Some politicians moreover defect on grounds of irregularities within the party. Yakubu Dogara, a former Speaker of the House of Representatives, Bauchi State, stated that he was leaving the PDP due to undemocratic practices within the party. This was his reason for quitting the PDP. He disclosed that his defection was a matter of urgency as the issues of governance failure in the state (Bauchi) has led him to seek equality and good governance in the APC.
This urgency to play politics at the centre is behind the intention of such politicians as Alhaji Atiku Abubakar, the former Vice President of Nigeria, who has defected repeatedly. He defected from PDP to APC, and later defected back to PDP. He moved again to APC in the year 2015, and then back to PDP in 2019 all in the bid to become Nigeria’s President. This is also seen in the defection of Dave Umahi, Governor of Ebonyi State, who from PDP has now defected to APC. Umahi perhaps feels that the political and cultural survival of the Igbo Presidency rests on the urgency to decamp to the ruling APC. Following the Governor’s decision, Hon. Chris Usulor, a representative of the Ezza South Constituency in Ebonyi State House of Assembly, has made his stance known. He said that he won’t join Governor David Umahi in his plan to join the All Progressive Congress (APC). Hon. Usulor opined that the governor’s position on the presupposition that the next president may likely come from South East is supposedly justified, but that the PDP will be more inclined to give the party’s presidential ticket to the PDP.
The honorable in his statement said, ‘Our governor called us and gave us the liberty to make our choice whether to join APC or remain in PDP. There was no compulsion, it was a decision we are to take on our own without any influence.’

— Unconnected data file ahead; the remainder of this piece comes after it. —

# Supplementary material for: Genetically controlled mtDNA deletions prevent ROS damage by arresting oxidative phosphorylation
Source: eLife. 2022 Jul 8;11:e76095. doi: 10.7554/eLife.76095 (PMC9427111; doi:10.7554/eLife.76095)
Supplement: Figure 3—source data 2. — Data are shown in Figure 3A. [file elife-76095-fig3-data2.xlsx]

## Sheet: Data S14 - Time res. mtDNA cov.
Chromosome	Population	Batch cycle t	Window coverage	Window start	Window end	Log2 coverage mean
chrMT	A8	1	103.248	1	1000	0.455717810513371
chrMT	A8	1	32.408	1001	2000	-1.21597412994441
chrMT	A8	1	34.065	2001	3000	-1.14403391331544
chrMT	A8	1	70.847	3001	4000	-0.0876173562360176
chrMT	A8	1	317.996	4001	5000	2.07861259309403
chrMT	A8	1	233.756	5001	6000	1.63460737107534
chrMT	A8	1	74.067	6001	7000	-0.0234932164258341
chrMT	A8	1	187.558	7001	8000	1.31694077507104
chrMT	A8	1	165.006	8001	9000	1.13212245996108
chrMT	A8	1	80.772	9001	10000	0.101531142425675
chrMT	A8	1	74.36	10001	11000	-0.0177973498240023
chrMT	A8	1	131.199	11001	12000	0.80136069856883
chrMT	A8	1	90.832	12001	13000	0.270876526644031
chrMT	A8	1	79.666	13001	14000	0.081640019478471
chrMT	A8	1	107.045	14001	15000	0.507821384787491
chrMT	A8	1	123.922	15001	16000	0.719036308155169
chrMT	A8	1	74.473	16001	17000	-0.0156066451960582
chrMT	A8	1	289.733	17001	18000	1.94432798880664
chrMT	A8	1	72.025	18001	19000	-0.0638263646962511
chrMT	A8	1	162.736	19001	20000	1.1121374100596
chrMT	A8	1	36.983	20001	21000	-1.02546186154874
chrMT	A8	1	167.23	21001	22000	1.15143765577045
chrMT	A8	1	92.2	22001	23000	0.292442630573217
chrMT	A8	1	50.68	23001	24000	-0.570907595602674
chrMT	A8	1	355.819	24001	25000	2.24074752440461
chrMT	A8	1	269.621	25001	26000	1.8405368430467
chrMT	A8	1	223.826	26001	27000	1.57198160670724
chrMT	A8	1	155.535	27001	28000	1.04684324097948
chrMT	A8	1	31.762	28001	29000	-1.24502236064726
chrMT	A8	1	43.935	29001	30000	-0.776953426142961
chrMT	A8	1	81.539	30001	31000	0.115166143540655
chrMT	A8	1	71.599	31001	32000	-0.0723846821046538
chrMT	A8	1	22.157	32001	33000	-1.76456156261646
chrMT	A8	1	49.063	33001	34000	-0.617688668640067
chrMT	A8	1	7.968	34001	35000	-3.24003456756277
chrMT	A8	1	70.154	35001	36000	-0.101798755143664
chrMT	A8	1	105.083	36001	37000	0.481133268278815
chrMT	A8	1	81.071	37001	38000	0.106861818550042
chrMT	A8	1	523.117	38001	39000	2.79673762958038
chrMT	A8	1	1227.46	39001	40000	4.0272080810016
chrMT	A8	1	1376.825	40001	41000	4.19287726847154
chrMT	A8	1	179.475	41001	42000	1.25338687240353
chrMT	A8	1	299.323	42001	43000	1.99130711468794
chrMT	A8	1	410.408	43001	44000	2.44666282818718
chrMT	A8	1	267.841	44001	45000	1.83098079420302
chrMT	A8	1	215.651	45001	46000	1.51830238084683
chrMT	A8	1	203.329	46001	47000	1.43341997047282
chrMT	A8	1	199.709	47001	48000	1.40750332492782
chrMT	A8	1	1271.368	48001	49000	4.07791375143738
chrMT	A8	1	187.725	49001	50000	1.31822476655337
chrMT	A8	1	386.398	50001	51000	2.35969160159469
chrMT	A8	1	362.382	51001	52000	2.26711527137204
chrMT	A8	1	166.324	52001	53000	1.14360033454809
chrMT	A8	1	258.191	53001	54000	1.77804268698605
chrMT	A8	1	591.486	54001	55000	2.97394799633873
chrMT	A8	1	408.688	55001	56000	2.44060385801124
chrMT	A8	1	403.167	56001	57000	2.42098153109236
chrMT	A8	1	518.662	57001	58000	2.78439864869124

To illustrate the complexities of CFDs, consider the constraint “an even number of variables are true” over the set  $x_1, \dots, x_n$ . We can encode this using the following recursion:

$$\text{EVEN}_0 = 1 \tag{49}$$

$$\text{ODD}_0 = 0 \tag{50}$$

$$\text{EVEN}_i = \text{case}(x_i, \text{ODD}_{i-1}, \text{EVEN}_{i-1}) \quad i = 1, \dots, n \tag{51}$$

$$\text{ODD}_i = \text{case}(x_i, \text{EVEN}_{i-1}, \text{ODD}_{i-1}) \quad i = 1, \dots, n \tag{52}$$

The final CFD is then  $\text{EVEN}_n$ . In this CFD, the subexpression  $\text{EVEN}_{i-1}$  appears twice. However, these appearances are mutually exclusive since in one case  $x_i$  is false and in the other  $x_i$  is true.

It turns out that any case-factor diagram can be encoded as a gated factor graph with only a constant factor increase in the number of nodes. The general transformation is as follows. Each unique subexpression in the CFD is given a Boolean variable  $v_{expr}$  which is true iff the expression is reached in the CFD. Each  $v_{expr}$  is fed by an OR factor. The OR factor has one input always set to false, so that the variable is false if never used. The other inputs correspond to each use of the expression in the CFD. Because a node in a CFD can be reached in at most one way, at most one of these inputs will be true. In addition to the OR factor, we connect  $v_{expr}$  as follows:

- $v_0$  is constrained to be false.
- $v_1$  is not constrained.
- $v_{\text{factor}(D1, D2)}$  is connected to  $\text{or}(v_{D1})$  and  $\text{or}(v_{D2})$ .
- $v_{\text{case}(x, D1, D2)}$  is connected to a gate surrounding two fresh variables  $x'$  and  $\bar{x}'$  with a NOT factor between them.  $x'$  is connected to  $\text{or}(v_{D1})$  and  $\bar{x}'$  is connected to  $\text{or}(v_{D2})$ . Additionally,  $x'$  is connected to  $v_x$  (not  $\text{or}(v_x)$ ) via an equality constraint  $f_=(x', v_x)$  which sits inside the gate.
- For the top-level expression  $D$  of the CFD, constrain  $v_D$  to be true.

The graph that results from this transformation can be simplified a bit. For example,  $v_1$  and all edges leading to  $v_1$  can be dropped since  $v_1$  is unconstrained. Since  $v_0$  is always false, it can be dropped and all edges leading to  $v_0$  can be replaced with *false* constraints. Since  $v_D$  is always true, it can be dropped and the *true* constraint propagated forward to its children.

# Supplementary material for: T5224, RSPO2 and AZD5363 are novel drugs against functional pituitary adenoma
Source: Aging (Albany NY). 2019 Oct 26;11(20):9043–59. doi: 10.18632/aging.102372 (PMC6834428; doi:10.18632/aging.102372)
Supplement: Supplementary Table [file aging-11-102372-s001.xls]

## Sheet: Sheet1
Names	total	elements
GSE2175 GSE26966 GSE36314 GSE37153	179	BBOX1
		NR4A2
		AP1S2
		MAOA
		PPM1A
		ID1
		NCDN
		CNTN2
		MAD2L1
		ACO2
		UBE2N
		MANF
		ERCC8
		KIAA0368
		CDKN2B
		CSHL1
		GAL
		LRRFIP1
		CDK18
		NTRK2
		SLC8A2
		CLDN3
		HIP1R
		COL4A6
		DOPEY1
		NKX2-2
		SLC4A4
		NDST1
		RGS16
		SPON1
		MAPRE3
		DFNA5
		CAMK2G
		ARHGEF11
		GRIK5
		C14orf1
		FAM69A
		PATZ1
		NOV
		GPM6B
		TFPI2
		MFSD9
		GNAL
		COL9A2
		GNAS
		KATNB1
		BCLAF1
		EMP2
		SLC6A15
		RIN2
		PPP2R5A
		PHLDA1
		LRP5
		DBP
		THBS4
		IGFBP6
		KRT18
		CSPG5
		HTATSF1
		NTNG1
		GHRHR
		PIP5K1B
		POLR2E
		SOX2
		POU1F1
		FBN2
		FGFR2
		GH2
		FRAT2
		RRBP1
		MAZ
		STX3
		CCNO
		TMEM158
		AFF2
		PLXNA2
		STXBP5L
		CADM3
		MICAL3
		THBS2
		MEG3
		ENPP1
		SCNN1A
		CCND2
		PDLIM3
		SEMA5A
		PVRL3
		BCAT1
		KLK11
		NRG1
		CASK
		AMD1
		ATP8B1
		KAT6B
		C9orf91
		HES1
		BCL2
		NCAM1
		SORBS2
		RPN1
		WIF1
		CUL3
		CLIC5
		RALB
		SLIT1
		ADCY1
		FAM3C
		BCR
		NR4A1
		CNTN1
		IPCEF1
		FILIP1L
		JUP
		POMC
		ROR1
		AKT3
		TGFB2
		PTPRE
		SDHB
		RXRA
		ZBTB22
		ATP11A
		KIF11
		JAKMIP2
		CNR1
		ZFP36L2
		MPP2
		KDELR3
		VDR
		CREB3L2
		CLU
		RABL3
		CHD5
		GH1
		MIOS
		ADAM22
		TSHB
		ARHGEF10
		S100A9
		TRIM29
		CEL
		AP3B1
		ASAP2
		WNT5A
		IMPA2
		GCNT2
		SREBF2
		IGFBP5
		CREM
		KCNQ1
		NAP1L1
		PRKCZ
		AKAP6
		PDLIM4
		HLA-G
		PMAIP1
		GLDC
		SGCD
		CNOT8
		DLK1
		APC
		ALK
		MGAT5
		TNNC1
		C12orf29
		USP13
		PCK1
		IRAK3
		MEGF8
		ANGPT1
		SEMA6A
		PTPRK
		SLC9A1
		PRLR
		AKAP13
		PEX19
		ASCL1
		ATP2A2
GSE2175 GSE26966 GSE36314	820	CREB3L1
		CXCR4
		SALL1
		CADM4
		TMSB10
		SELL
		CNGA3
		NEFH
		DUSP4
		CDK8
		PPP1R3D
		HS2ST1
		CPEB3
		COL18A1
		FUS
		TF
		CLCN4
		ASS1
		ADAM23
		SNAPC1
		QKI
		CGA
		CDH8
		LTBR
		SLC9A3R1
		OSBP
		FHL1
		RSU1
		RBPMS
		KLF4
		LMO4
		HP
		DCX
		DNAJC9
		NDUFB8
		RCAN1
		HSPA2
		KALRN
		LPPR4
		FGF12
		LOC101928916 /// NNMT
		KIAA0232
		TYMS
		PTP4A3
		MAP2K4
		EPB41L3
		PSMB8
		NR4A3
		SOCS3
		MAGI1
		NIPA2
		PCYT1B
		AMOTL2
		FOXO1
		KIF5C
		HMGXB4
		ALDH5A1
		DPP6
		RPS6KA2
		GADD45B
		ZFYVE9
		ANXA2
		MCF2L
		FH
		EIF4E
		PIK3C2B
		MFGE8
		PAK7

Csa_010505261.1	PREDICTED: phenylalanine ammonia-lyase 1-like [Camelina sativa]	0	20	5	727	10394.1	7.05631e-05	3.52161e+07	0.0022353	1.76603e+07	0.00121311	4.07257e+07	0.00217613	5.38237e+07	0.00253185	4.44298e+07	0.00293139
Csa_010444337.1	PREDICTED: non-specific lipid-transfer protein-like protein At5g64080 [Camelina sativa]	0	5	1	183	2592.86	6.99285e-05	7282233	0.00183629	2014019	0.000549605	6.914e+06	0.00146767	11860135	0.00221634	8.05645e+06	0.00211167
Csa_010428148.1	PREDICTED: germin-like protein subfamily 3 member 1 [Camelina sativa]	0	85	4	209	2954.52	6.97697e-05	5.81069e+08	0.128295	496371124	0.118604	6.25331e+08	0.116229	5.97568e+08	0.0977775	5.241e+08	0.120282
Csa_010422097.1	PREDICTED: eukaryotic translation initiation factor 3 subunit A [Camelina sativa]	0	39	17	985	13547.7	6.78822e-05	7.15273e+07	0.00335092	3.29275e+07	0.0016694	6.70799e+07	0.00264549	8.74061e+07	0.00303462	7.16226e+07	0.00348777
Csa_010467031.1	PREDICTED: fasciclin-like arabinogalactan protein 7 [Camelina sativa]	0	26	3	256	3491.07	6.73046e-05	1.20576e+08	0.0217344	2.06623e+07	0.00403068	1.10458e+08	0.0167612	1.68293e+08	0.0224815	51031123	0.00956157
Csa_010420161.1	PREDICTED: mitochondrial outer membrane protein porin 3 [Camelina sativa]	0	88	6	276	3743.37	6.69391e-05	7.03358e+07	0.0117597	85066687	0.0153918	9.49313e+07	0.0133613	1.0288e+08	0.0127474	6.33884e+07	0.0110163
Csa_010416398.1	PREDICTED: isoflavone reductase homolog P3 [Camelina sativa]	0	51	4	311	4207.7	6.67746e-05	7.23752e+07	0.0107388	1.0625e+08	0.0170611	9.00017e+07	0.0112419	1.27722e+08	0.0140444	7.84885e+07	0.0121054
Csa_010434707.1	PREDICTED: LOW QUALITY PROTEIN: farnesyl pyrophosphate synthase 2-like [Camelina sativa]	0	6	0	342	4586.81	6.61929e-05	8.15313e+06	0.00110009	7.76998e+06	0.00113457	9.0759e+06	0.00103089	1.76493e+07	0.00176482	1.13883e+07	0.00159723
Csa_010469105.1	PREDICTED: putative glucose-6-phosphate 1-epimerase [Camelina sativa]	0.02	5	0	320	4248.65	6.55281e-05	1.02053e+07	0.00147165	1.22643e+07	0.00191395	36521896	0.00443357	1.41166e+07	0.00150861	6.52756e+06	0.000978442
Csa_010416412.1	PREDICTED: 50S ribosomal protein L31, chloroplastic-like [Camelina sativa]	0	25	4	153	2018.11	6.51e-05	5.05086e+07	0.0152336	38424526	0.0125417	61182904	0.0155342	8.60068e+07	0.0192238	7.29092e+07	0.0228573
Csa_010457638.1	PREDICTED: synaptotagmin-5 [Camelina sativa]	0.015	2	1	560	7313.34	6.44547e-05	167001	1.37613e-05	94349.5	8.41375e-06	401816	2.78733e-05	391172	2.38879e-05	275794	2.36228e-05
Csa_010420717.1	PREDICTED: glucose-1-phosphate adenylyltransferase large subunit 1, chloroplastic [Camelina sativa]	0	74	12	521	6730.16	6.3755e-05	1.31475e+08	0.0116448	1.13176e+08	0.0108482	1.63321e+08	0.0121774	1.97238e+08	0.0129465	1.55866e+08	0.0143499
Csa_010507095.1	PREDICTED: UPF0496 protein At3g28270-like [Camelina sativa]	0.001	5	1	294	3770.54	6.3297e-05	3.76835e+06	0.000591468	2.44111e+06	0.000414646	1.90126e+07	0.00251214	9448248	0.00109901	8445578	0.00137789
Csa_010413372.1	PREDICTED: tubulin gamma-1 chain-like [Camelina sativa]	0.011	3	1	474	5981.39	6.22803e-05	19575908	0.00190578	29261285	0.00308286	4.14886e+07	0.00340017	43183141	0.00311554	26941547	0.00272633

He said, ‘But the striking thing there is that the reasons he adduced is something any South-Easterner should put in his heart. The marginalisation of the southeast should be key in our mind.’
He added by saying that, ‘Notwithstanding, personally I took a stand that having been in PDP since 1999, I find it difficult to move to another party this time around. I think that agitation, I believe within me, will be done in PDP too.’
Hon. Usulor also disclosed by saying that, ‘Right now nobody has moved with the governor because nobody has officially decamped from the PDP. We are all still in PDP, but we had a press conference where we gave the PDP leadership seven days’ ultimatum to zone the president to the southeast which they didn’t comply with.’
Usulor said , ‘Defection is constitutional, right to freedom of association. But when you are defecting from one political party to another, you should be able to give people convincing reasons.’
The politics of party defection has become trendy among politicians who recycle themselves from one party to the other. Even at the detriment of the country, it poses a negative threat to the ideological frameworks expected of a growing nation-state and continues to perpetuate old hands in Nigeria’s democratic system. As fickle as it may seem, it reduces politics into a game of camps who have no higher cause than to acquire power and influence.